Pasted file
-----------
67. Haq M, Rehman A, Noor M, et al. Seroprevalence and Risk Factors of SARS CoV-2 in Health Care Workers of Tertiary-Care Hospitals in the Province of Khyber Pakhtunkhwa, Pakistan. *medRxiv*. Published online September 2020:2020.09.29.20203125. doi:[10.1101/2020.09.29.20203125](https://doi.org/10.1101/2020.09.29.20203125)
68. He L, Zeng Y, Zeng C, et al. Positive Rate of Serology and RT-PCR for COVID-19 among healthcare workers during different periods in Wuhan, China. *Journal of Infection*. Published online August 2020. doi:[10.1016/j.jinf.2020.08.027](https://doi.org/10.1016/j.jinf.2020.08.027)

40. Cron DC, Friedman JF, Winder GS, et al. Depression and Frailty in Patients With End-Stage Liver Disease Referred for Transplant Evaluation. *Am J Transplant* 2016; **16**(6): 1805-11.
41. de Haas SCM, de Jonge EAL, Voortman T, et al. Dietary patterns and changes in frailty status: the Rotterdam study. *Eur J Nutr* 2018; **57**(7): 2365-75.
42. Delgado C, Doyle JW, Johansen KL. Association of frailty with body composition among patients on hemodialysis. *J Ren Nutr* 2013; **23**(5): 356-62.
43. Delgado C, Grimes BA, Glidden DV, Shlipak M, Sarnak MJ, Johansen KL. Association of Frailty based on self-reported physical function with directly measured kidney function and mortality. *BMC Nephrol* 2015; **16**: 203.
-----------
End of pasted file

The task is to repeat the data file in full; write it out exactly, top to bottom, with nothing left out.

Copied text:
67. Haq M, Rehman A, Noor M, et al. Seroprevalence and Risk Factors of SARS CoV-2 in Health Care Workers of Tertiary-Care Hospitals in the Province of Khyber Pakhtunkhwa, Pakistan. *medRxiv*. Published online September 2020:2020.09.29.20203125. doi:[10.1101/2020.09.29.20203125](https://doi.org/10.1101/2020.09.29.20203125)
68. He L, Zeng Y, Zeng C, et al. Positive Rate of Serology and RT-PCR for COVID-19 among healthcare workers during different periods in Wuhan, China. *Journal of Infection*. Published online August 2020. doi:[10.1016/j.jinf.2020.08.027](https://doi.org/10.1016/j.jinf.2020.08.027)

40. Cron DC, Friedman JF, Winder GS, et al. Depression and Frailty in Patients With End-Stage Liver Disease Referred for Transplant Evaluation. *Am J Transplant* 2016; **16**(6): 1805-11.
41. de Haas SCM, de Jonge EAL, Voortman T, et al. Dietary patterns and changes in frailty status: the Rotterdam study. *Eur J Nutr* 2018; **57**(7): 2365-75.
42. Delgado C, Doyle JW, Johansen KL. Association of frailty with body composition among patients on hemodialysis. *J Ren Nutr* 2013; **23**(5): 356-62.
43. Delgado C, Grimes BA, Glidden DV, Shlipak M, Sarnak MJ, Johansen KL. Association of Frailty based on self-reported physical function with directly measured kidney function and mortality. *BMC Nephrol* 2015; **16**: 203.